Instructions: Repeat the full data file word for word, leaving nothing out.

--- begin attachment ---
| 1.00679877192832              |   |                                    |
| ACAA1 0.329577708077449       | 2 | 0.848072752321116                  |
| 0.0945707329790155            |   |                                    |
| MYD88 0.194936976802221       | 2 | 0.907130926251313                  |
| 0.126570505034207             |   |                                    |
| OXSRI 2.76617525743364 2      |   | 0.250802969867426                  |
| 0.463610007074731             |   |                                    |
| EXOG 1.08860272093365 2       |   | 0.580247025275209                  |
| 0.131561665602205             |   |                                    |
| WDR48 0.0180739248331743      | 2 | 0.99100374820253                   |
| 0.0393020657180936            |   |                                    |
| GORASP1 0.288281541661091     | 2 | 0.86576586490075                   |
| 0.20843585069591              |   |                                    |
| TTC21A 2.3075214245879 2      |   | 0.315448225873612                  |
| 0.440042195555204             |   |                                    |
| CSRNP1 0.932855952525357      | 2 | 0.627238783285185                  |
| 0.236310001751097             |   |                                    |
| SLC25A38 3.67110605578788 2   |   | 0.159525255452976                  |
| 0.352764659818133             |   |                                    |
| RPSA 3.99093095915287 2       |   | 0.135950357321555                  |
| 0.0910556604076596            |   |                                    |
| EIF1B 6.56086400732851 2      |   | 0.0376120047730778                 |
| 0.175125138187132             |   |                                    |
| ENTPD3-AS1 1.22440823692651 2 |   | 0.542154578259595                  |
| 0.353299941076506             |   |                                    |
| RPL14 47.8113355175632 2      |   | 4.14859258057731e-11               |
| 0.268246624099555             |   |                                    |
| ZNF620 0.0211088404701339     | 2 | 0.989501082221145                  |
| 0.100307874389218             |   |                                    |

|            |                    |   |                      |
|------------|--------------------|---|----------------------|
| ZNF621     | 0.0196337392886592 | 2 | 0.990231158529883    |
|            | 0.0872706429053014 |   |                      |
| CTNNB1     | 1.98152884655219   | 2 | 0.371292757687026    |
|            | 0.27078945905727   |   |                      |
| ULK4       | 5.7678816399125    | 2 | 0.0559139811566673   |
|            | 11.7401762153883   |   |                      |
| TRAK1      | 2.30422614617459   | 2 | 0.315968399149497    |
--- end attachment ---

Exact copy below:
| 1.00679877192832              |   |                                    |
| ACAA1 0.329577708077449       | 2 | 0.848072752321116                  |
| 0.0945707329790155            |   |                                    |
| MYD88 0.194936976802221       | 2 | 0.907130926251313                  |
| 0.126570505034207             |   |                                    |
| OXSRI 2.76617525743364 2      |   | 0.250802969867426                  |
| 0.463610007074731             |   |                                    |
| EXOG 1.08860272093365 2       |   | 0.580247025275209                  |
| 0.131561665602205             |   |                                    |
| WDR48 0.0180739248331743      | 2 | 0.99100374820253                   |
| 0.0393020657180936            |   |                                    |
| GORASP1 0.288281541661091     | 2 | 0.86576586490075                   |
| 0.20843585069591              |   |                                    |
| TTC21A 2.3075214245879 2      |   | 0.315448225873612                  |
| 0.440042195555204             |   |                                    |
| CSRNP1 0.932855952525357      | 2 | 0.627238783285185                  |
| 0.236310001751097             |   |                                    |
| SLC25A38 3.67110605578788 2   |   | 0.159525255452976                  |
| 0.352764659818133             |   |                                    |
| RPSA 3.99093095915287 2       |   | 0.135950357321555                  |
| 0.0910556604076596            |   |                                    |
| EIF1B 6.56086400732851 2      |   | 0.0376120047730778                 |
| 0.175125138187132             |   |                                    |
| ENTPD3-AS1 1.22440823692651 2 |   | 0.542154578259595                  |
| 0.353299941076506             |   |                                    |
| RPL14 47.8113355175632 2      |   | 4.14859258057731e-11               |
| 0.268246624099555             |   |                                    |
| ZNF620 0.0211088404701339     | 2 | 0.989501082221145                  |
| 0.100307874389218             |   |                                    |

|            |                    |   |                      |
|------------|--------------------|---|----------------------|
| ZNF621     | 0.0196337392886592 | 2 | 0.990231158529883    |
|            | 0.0872706429053014 |   |                      |
| CTNNB1     | 1.98152884655219   | 2 | 0.371292757687026    |
|            | 0.27078945905727   |   |                      |
| ULK4       | 5.7678816399125    | 2 | 0.0559139811566673   |
|            | 11.7401762153883   |   |                      |
| TRAK1      | 2.30422614617459   | 2 | 0.315968399149497    |